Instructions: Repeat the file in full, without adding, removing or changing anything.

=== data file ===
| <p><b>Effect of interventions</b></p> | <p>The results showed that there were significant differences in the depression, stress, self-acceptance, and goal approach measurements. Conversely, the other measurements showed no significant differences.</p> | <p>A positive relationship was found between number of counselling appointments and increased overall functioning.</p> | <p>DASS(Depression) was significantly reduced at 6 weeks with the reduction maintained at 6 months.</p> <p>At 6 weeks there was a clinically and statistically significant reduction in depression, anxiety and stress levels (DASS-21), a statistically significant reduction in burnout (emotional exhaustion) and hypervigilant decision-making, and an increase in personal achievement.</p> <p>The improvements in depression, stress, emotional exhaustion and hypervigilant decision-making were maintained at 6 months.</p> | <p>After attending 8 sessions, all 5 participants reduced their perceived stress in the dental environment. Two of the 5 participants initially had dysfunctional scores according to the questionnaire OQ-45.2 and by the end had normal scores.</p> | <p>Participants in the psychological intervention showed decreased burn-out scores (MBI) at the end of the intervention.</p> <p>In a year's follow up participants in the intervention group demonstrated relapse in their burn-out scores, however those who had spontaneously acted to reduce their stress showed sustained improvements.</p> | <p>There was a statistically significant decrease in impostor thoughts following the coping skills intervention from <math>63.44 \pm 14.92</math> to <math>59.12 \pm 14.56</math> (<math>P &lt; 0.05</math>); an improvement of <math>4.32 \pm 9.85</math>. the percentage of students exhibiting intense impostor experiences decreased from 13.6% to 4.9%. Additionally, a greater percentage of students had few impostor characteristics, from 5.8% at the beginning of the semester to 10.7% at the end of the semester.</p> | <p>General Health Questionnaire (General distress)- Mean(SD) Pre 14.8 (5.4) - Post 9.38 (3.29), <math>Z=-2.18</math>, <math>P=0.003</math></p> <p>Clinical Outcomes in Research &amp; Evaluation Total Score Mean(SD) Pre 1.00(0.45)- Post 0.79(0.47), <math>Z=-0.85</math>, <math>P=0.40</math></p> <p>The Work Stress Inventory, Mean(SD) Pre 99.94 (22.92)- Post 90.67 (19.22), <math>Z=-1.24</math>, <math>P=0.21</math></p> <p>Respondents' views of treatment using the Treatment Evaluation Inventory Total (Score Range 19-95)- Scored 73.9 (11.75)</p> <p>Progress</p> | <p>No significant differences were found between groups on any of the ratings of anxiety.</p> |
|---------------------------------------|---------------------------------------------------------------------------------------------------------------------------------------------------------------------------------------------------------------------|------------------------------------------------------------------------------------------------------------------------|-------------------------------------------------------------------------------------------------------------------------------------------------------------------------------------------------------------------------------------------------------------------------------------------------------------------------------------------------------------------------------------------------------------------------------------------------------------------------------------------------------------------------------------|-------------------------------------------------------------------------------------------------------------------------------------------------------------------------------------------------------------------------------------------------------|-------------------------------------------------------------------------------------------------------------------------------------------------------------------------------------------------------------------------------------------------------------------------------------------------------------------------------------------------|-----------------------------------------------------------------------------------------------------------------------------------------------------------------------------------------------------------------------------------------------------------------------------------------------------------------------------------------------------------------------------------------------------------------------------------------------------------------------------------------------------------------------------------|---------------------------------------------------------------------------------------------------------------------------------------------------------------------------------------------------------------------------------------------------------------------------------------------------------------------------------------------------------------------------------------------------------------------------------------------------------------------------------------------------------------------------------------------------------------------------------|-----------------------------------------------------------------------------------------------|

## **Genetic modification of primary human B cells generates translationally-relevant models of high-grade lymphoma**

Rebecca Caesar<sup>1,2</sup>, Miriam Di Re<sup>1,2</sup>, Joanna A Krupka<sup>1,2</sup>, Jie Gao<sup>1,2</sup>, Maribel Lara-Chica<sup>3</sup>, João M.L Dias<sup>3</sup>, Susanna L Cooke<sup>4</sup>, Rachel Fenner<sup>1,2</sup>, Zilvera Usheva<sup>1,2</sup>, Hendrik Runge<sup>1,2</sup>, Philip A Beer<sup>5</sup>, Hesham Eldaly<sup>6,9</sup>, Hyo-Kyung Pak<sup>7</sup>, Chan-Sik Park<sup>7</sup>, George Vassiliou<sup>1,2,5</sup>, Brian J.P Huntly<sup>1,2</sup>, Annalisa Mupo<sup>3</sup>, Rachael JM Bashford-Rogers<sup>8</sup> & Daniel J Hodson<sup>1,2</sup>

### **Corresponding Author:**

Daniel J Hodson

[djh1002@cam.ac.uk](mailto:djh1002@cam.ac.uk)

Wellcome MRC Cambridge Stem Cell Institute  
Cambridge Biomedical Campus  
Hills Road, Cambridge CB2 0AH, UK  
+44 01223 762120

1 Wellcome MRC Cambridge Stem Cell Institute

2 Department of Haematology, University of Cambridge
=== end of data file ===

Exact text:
| <p><b>Effect of interventions</b></p> | <p>The results showed that there were significant differences in the depression, stress, self-acceptance, and goal approach measurements. Conversely, the other measurements showed no significant differences.</p> | <p>A positive relationship was found between number of counselling appointments and increased overall functioning.</p> | <p>DASS(Depression) was significantly reduced at 6 weeks with the reduction maintained at 6 months.</p> <p>At 6 weeks there was a clinically and statistically significant reduction in depression, anxiety and stress levels (DASS-21), a statistically significant reduction in burnout (emotional exhaustion) and hypervigilant decision-making, and an increase in personal achievement.</p> <p>The improvements in depression, stress, emotional exhaustion and hypervigilant decision-making were maintained at 6 months.</p> | <p>After attending 8 sessions, all 5 participants reduced their perceived stress in the dental environment. Two of the 5 participants initially had dysfunctional scores according to the questionnaire OQ-45.2 and by the end had normal scores.</p> | <p>Participants in the psychological intervention showed decreased burn-out scores (MBI) at the end of the intervention.</p> <p>In a year's follow up participants in the intervention group demonstrated relapse in their burn-out scores, however those who had spontaneously acted to reduce their stress showed sustained improvements.</p> | <p>There was a statistically significant decrease in impostor thoughts following the coping skills intervention from <math>63.44 \pm 14.92</math> to <math>59.12 \pm 14.56</math> (<math>P &lt; 0.05</math>); an improvement of <math>4.32 \pm 9.85</math>. the percentage of students exhibiting intense impostor experiences decreased from 13.6% to 4.9%. Additionally, a greater percentage of students had few impostor characteristics, from 5.8% at the beginning of the semester to 10.7% at the end of the semester.</p> | <p>General Health Questionnaire (General distress)- Mean(SD) Pre 14.8 (5.4) - Post 9.38 (3.29), <math>Z=-2.18</math>, <math>P=0.003</math></p> <p>Clinical Outcomes in Research &amp; Evaluation Total Score Mean(SD) Pre 1.00(0.45)- Post 0.79(0.47), <math>Z=-0.85</math>, <math>P=0.40</math></p> <p>The Work Stress Inventory, Mean(SD) Pre 99.94 (22.92)- Post 90.67 (19.22), <math>Z=-1.24</math>, <math>P=0.21</math></p> <p>Respondents' views of treatment using the Treatment Evaluation Inventory Total (Score Range 19-95)- Scored 73.9 (11.75)</p> <p>Progress</p> | <p>No significant differences were found between groups on any of the ratings of anxiety.</p> |
|---------------------------------------|---------------------------------------------------------------------------------------------------------------------------------------------------------------------------------------------------------------------|------------------------------------------------------------------------------------------------------------------------|-------------------------------------------------------------------------------------------------------------------------------------------------------------------------------------------------------------------------------------------------------------------------------------------------------------------------------------------------------------------------------------------------------------------------------------------------------------------------------------------------------------------------------------|-------------------------------------------------------------------------------------------------------------------------------------------------------------------------------------------------------------------------------------------------------|-------------------------------------------------------------------------------------------------------------------------------------------------------------------------------------------------------------------------------------------------------------------------------------------------------------------------------------------------|-----------------------------------------------------------------------------------------------------------------------------------------------------------------------------------------------------------------------------------------------------------------------------------------------------------------------------------------------------------------------------------------------------------------------------------------------------------------------------------------------------------------------------------|---------------------------------------------------------------------------------------------------------------------------------------------------------------------------------------------------------------------------------------------------------------------------------------------------------------------------------------------------------------------------------------------------------------------------------------------------------------------------------------------------------------------------------------------------------------------------------|-----------------------------------------------------------------------------------------------|

## **Genetic modification of primary human B cells generates translationally-relevant models of high-grade lymphoma**

Rebecca Caesar<sup>1,2</sup>, Miriam Di Re<sup>1,2</sup>, Joanna A Krupka<sup>1,2</sup>, Jie Gao<sup>1,2</sup>, Maribel Lara-Chica<sup>3</sup>, João M.L Dias<sup>3</sup>, Susanna L Cooke<sup>4</sup>, Rachel Fenner<sup>1,2</sup>, Zilvera Usheva<sup>1,2</sup>, Hendrik Runge<sup>1,2</sup>, Philip A Beer<sup>5</sup>, Hesham Eldaly<sup>6,9</sup>, Hyo-Kyung Pak<sup>7</sup>, Chan-Sik Park<sup>7</sup>, George Vassiliou<sup>1,2,5</sup>, Brian J.P Huntly<sup>1,2</sup>, Annalisa Mupo<sup>3</sup>, Rachael JM Bashford-Rogers<sup>8</sup> & Daniel J Hodson<sup>1,2</sup>

### **Corresponding Author:**

Daniel J Hodson

[djh1002@cam.ac.uk](mailto:djh1002@cam.ac.uk)

Wellcome MRC Cambridge Stem Cell Institute  
Cambridge Biomedical Campus  
Hills Road, Cambridge CB2 0AH, UK  
+44 01223 762120

1 Wellcome MRC Cambridge Stem Cell Institute

2 Department of Haematology, University of Cambridge